It’s that time of year again, when all the world begins turning green — and I’m not talking about how close spring is to officially starting. Tomorrow is St. Patrick’s Day; and, as you have one red-haired cailín on hand here with a severe case of Celtophilia, and another lass willing to go along with her — well, here we are again. We don’t quite have shamrocks tucked behind our ears, and we won’t be swilling green-dyed beer anytime soon, Second Life or Real Life. (Green beer’s an Americanism, anyways, and barbarous at the best of times.) That doesn’t mean we can’t have some fun with green stylin’.
Turn the page for the verdant details.
Bienvenue sur le Rue Bourbon, dans le ville de La Nouvelle-Orléans! At this time of year, the biggest parties of the world are held in Mobile, Rio de Janiero, the Caribbean islands, and especially to American minds, in New Orleans, where Mardi Gras provides the traditional closeout to the church calendar season of Epiphany. Jem and I took it a little farther than short tops and tons of beads this year; it looks like we should be on a float for one of the famous Crewes!
And no, Peter Minuet, we won’t flash you our boobs for beads. (Laughing)
Full-size photo (1920 / 16:9 wallpaper size) at Flickr
What are we wearing? Turn the page and see.
As always, Around the Grid upholds its Christmas Eve tradition — here is Bing Crosby and David Bowie from 1977, performing their famous duet, “The Little Drummer Boy / Peace on Earth.” This was the last Christmas special Bing did before his death.
Almost every time I write an article in these pages, I use my “signature” graphic, which bids you all peace. It has several meanings for me: the earthly dream, sung of by two wonderful musicians above, and the more lasting, eternal peace we greet each other with in the Episcopal Church (as well as other liturgical churches). Peace on earth has been a dream for my generation — those of us who still remember our dreams of that time — since our youth in the Sixties and Seventies, and sought by people of goodwill around the world for hundreds of generations.
Nearly forty years after these singers, now both sadly dead, performed this song — which has become a holiday classic in its own right — the world still reels on through conflict and hatred, and the dream of peace among all peoples seems elusive, more of a pipe dream than a reality. But I have to believe that there is still hope for peace — both the kind we think of, between each other, and the sharing of the true peace of God, “which passes all understanding,” no matter how each of us perceives God in our minds and faiths. Perhaps, on the day we achieve earthly peace, the peace of the Earthly Paradise will be made at last apparent to us all, and that other serenity become the true inheritance of us all….
Every child must be made aware
Every child must be made to care
Care enough for his fellow man
To give all the love that he can
May you and yours have a merry, meaningful and — most of all — hopeful Christmas season.
Harper put up an excellent pair of pieces for her Veterans Day writing this week, but I decided to do something of my own. In Canada, we call this Remembrance Day, and it’s more specifically to honour the soldiers and sailors who have fallen, like America’s Memorial Day, since the day’s origin lies in the end of what was then called the Great War, now World War I. The Flanders poppy in my lapel derives from the poppies that dotted the northern European landscape, thus the inspiration for Canadian army doctor John McCrae’s “In Flanders Fields.”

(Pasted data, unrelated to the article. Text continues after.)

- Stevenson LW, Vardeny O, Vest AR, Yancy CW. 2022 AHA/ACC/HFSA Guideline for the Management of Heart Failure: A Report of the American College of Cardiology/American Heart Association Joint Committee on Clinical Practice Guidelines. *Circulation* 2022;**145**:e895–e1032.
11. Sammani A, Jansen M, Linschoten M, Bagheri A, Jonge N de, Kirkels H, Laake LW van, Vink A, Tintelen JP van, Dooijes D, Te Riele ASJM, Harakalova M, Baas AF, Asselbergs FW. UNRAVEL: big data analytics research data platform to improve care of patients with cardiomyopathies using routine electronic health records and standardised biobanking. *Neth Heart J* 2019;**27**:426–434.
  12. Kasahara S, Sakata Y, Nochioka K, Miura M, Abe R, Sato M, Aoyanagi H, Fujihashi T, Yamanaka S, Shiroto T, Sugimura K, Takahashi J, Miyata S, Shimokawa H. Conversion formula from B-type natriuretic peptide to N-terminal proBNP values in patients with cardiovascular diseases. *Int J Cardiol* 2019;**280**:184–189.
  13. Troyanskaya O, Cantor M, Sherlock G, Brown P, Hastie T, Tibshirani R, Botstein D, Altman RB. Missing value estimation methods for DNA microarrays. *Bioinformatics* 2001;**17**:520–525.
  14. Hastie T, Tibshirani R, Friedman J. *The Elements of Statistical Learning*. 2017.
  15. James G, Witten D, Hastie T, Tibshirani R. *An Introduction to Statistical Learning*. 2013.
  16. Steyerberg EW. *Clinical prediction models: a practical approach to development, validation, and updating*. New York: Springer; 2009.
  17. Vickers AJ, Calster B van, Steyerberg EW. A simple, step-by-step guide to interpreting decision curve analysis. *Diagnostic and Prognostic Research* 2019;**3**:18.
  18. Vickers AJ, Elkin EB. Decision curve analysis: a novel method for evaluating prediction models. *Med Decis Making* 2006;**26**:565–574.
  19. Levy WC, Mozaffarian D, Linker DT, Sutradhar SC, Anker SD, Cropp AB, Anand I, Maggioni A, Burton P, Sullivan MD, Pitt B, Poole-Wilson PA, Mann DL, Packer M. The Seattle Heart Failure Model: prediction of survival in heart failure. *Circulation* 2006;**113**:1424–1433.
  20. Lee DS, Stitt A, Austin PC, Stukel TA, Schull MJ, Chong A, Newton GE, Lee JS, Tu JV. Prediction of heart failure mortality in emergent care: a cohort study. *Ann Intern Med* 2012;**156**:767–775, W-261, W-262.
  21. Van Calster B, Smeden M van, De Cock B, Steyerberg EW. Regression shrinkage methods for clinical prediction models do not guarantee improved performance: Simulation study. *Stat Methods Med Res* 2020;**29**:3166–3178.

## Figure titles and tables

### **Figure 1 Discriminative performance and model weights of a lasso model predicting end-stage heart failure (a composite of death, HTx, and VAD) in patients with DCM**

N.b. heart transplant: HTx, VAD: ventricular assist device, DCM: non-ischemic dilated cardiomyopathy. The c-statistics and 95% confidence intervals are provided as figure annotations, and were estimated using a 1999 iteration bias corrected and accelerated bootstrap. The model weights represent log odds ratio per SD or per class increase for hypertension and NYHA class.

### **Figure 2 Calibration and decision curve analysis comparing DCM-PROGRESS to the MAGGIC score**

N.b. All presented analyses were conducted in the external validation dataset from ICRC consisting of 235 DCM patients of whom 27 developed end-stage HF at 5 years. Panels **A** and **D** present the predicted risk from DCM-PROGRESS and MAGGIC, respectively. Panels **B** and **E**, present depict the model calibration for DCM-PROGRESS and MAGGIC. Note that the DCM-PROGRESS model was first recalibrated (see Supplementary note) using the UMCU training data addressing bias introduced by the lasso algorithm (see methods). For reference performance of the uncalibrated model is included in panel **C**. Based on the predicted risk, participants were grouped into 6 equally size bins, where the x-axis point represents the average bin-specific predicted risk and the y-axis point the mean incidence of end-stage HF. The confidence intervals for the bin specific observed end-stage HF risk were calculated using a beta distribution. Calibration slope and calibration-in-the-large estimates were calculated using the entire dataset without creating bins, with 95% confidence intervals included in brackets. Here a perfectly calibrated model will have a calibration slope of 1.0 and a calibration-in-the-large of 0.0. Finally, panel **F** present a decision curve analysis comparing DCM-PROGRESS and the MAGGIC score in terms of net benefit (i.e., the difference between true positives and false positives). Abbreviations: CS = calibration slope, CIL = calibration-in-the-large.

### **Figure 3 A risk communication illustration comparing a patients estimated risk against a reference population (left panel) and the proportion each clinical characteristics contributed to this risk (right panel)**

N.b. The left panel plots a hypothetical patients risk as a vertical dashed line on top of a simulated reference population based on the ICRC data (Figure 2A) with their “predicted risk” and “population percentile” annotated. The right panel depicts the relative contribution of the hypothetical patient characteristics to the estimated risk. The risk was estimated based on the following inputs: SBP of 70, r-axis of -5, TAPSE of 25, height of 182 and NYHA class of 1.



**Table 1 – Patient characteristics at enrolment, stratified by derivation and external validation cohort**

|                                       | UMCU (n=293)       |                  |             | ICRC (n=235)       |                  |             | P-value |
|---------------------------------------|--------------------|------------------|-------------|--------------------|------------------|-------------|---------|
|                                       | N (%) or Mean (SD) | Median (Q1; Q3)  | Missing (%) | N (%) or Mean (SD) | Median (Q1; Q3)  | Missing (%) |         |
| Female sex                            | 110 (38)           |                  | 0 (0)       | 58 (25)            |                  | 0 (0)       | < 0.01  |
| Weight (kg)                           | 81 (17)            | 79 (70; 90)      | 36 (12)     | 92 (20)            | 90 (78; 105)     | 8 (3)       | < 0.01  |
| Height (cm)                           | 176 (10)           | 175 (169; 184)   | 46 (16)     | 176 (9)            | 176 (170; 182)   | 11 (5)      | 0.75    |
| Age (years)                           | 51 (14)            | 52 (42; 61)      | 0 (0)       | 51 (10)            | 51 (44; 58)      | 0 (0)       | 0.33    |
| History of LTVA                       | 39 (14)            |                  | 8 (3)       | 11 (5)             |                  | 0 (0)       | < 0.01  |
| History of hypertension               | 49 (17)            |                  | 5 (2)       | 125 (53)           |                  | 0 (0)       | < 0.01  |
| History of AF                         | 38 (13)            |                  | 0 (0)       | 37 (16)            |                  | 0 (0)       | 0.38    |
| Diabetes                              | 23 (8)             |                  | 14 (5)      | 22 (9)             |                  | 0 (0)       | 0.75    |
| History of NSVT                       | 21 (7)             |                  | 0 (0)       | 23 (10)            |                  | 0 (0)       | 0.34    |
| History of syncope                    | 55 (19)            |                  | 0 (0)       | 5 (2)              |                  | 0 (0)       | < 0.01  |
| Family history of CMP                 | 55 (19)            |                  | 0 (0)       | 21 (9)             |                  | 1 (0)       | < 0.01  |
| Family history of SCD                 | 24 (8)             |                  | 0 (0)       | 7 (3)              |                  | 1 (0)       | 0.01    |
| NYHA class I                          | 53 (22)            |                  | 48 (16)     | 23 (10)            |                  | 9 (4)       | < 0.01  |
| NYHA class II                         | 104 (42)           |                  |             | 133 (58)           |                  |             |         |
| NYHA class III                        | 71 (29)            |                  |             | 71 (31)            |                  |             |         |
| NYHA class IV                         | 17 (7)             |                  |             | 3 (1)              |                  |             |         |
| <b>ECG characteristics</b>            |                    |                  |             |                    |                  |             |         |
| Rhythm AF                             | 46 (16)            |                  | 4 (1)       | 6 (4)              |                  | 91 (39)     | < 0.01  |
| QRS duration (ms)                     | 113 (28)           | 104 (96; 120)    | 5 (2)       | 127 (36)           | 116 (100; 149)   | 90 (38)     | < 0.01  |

Je me souviens….
Jem, Conan (who couldn’t be present) and I all salute our country, our veteran relations and ancestors, and our democratic process.
In part, Veterans Day and Election Day are close enough together this year that I decided to combine the two together into one post. This isn’t normally my practice, but the theme I’m going to talk about here links into both, as it’s a matter that links the two days together. As I’ve done before, I’m writing for all three of us, and adding their signatures to this article with my friends’ review and permission, for which I thank them most gratefully.
We at Around the Grid all have a father or grandfather who served in the U. S. armed forces at some point — as well, doubtless, as any number of ancestors we have never known — and we were raised “traditionally” enough to have a reasonably strong sense of patriotism, along with belief in our country and its inherent good and decency. Our ancestors fought on behalf of the United States in any number of wars, going back to the Revolutionary War, because they believed in those facts. They desired the right of a man — and now of a person — to be free, to determine their own destiny with the least imposition of rule by the government over them, and only by their own consent when the government did institute a law of some kind. Jem and Conan haven’t mentioned any specifics about their fathers; but I can tell you that my own, as I think I’ve mentioned in the past, fought and bled for those ideals in France in World War II. (This is the reason I wear the purple duster I have on above, for Dad’s Purple Heart; and the purple strip in Jemmy’s dress is suggestive.) Many more since have fought, or simply served and stood ready to defend this country against its perceived enemies. Again, as this blog tries to do every year, we salute those men and women — not always understood, never enough appreciated, often wounded in spirit as well as body, but willing to lay their lives down if called upon for the greater good.
Please don’t stop here; more words, even more important, are past the turn of the page.